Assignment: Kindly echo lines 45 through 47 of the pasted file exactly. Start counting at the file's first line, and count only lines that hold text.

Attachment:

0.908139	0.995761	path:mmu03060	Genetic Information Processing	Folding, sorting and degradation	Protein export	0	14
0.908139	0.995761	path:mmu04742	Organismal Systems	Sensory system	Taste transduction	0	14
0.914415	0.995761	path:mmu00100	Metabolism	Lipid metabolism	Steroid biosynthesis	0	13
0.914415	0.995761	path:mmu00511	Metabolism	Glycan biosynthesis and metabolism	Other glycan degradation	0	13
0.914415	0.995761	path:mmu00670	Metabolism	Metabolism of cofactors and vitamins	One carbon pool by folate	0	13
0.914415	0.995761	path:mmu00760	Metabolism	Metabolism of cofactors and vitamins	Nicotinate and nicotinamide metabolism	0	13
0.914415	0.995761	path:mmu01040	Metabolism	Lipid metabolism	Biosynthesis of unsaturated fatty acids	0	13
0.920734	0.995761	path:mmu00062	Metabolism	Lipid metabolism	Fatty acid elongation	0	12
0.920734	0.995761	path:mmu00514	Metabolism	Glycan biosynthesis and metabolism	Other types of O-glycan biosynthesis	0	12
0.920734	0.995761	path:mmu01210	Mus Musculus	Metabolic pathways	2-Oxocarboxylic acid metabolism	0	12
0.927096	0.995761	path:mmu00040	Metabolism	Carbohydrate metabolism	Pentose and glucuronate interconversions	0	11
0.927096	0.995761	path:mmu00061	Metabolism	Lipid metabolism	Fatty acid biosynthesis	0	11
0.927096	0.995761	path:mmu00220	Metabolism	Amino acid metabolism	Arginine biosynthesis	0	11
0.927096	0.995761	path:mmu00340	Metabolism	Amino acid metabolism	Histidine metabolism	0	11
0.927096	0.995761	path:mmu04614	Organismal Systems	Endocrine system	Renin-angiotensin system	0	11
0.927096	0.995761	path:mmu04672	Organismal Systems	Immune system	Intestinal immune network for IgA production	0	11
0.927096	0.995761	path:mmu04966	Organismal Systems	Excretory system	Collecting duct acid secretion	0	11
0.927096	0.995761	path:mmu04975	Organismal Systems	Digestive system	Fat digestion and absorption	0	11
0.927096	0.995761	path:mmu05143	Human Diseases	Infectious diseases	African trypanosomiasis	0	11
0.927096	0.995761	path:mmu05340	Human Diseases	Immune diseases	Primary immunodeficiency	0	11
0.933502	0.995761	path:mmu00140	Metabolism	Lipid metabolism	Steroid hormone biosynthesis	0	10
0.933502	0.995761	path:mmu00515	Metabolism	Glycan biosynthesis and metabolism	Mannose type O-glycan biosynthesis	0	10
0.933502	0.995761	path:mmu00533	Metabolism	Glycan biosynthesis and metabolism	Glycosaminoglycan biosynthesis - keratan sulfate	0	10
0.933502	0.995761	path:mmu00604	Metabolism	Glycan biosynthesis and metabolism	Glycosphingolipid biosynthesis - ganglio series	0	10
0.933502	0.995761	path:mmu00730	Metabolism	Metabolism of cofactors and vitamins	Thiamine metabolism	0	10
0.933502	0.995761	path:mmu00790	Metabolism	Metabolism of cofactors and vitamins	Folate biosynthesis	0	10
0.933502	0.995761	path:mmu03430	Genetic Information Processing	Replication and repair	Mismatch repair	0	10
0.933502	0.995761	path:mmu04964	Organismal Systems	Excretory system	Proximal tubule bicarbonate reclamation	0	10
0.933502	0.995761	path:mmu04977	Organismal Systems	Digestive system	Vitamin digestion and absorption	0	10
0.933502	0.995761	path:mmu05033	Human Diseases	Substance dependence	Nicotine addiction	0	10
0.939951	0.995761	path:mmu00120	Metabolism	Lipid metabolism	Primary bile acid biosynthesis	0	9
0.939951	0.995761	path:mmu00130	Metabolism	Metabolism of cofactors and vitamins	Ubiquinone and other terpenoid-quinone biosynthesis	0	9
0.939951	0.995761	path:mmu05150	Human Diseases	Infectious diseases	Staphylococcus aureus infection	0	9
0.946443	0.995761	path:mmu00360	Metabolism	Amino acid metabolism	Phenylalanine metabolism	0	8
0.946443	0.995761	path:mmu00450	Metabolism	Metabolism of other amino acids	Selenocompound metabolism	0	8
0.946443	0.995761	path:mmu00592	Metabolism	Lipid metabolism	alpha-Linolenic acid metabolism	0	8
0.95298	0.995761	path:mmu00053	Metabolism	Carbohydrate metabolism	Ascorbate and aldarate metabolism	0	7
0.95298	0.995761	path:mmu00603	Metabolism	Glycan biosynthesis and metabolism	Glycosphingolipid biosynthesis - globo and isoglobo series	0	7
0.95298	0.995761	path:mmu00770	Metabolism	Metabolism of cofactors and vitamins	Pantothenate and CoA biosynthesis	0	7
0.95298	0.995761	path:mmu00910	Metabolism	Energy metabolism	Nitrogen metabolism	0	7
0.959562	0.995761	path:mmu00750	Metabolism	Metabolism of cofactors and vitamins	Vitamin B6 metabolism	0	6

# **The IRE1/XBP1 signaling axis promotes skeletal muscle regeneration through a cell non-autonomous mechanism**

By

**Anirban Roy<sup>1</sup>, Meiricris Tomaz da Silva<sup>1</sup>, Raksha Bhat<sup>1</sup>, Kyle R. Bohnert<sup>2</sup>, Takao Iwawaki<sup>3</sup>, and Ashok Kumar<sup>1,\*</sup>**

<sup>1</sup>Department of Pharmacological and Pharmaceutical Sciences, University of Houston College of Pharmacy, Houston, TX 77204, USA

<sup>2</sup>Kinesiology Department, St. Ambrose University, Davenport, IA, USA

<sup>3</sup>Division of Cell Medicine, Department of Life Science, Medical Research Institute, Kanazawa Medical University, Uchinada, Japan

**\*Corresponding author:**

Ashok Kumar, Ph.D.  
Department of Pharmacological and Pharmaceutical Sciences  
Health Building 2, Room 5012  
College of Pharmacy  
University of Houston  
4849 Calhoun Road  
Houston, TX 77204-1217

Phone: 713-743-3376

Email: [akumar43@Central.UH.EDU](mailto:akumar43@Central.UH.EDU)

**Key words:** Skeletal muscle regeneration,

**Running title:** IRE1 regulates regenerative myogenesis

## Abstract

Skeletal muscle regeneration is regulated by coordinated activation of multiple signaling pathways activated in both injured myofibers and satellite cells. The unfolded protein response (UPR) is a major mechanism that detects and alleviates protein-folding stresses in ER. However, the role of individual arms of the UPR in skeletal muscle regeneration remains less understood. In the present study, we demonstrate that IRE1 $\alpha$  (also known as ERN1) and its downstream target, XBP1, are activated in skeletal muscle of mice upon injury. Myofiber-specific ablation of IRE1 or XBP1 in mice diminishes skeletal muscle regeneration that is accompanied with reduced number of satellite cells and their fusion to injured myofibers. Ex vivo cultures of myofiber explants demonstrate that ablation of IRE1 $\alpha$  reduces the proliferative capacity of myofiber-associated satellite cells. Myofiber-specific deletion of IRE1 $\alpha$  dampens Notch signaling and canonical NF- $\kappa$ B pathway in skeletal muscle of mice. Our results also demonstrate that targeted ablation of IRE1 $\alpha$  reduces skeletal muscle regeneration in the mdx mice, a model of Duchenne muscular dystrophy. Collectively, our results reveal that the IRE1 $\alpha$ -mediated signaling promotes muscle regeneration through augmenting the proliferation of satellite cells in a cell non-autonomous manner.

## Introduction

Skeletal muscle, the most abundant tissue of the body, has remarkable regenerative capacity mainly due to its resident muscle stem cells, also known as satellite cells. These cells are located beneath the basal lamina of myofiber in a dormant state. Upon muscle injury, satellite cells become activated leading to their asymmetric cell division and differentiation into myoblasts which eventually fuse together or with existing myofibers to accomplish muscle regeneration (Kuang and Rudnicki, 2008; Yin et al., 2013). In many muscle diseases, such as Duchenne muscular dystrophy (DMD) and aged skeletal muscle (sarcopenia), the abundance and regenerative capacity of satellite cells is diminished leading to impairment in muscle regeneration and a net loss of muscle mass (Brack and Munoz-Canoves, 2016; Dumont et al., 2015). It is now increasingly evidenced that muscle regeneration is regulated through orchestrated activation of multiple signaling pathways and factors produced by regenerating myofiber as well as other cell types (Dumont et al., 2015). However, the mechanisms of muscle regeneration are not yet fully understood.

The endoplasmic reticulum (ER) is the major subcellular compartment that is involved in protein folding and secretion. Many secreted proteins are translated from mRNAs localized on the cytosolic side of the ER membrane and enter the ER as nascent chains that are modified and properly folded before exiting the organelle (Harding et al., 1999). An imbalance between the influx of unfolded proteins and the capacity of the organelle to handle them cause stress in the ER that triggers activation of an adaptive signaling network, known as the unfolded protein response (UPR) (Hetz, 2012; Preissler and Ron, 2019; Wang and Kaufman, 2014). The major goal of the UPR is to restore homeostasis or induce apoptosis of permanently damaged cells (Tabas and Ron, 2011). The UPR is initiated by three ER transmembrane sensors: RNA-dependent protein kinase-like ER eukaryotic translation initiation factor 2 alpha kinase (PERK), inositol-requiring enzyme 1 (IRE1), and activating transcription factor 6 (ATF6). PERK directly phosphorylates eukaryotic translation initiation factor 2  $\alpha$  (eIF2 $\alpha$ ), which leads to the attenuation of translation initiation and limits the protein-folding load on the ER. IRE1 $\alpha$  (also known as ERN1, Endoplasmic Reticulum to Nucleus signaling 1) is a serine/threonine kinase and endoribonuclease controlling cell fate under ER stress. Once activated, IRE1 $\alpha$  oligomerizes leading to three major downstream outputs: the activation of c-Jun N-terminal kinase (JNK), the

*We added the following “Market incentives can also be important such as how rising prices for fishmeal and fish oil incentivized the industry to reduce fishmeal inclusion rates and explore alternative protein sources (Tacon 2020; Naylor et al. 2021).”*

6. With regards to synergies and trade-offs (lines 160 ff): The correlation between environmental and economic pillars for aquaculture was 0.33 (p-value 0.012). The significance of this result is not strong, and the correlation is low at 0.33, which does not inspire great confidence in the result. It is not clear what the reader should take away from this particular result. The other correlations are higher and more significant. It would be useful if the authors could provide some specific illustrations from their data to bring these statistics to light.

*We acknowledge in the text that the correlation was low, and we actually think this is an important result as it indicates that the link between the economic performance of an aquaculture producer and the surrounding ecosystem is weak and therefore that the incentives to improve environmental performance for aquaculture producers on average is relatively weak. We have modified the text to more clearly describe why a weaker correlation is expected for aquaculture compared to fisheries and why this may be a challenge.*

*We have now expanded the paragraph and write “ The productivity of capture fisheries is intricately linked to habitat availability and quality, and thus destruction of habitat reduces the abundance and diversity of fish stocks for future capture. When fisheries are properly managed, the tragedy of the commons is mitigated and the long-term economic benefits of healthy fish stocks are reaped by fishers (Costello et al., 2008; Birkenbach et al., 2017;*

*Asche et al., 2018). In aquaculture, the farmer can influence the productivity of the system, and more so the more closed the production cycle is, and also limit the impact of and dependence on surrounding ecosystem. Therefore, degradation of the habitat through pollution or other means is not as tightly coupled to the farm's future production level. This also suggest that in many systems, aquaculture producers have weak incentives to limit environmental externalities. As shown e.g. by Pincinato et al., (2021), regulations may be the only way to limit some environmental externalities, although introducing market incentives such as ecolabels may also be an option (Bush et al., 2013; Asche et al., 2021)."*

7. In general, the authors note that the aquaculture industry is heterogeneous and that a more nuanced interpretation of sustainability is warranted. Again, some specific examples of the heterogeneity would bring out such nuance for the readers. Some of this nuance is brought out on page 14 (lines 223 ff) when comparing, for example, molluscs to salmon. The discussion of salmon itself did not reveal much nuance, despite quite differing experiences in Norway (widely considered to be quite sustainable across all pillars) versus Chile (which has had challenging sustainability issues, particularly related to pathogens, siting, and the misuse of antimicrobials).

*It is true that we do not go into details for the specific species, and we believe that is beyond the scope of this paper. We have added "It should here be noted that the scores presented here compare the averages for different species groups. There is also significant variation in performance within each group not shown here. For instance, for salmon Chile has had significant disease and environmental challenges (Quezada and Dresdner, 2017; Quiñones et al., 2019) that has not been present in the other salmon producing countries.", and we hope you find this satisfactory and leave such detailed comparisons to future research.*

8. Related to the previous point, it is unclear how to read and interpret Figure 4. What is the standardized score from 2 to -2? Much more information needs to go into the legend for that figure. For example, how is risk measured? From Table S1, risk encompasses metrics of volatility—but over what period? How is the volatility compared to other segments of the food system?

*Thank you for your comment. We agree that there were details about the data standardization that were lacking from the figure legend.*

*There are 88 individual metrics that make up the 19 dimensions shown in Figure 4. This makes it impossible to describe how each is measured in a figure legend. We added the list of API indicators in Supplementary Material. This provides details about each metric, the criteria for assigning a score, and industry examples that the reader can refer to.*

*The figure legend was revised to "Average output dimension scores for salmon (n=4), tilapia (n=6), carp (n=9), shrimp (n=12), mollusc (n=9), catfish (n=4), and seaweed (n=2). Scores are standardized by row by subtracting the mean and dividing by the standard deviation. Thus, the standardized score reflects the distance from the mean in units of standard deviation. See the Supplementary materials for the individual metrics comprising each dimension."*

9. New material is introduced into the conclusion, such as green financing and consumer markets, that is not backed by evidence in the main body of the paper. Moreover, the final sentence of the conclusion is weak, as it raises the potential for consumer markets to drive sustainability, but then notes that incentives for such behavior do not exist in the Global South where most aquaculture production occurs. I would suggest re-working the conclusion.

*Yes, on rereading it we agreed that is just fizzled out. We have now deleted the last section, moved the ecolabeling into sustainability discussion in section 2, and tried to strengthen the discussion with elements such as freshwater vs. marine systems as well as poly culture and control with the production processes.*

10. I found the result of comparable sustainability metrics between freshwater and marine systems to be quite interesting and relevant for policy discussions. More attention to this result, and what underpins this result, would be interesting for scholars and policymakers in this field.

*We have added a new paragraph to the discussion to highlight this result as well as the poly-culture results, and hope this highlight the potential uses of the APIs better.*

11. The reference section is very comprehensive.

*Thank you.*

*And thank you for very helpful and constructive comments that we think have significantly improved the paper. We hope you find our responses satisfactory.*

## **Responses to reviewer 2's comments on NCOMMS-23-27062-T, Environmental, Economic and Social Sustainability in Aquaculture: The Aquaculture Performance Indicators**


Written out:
<sup>1</sup>Department of Pharmacological and Pharmaceutical Sciences, University of Houston College of Pharmacy, Houston, TX 77204, USA

<sup>2</sup>Kinesiology Department, St. Ambrose University, Davenport, IA, USA

<sup>3</sup>Division of Cell Medicine, Department of Life Science, Medical Research Institute, Kanazawa Medical University, Uchinada, Japan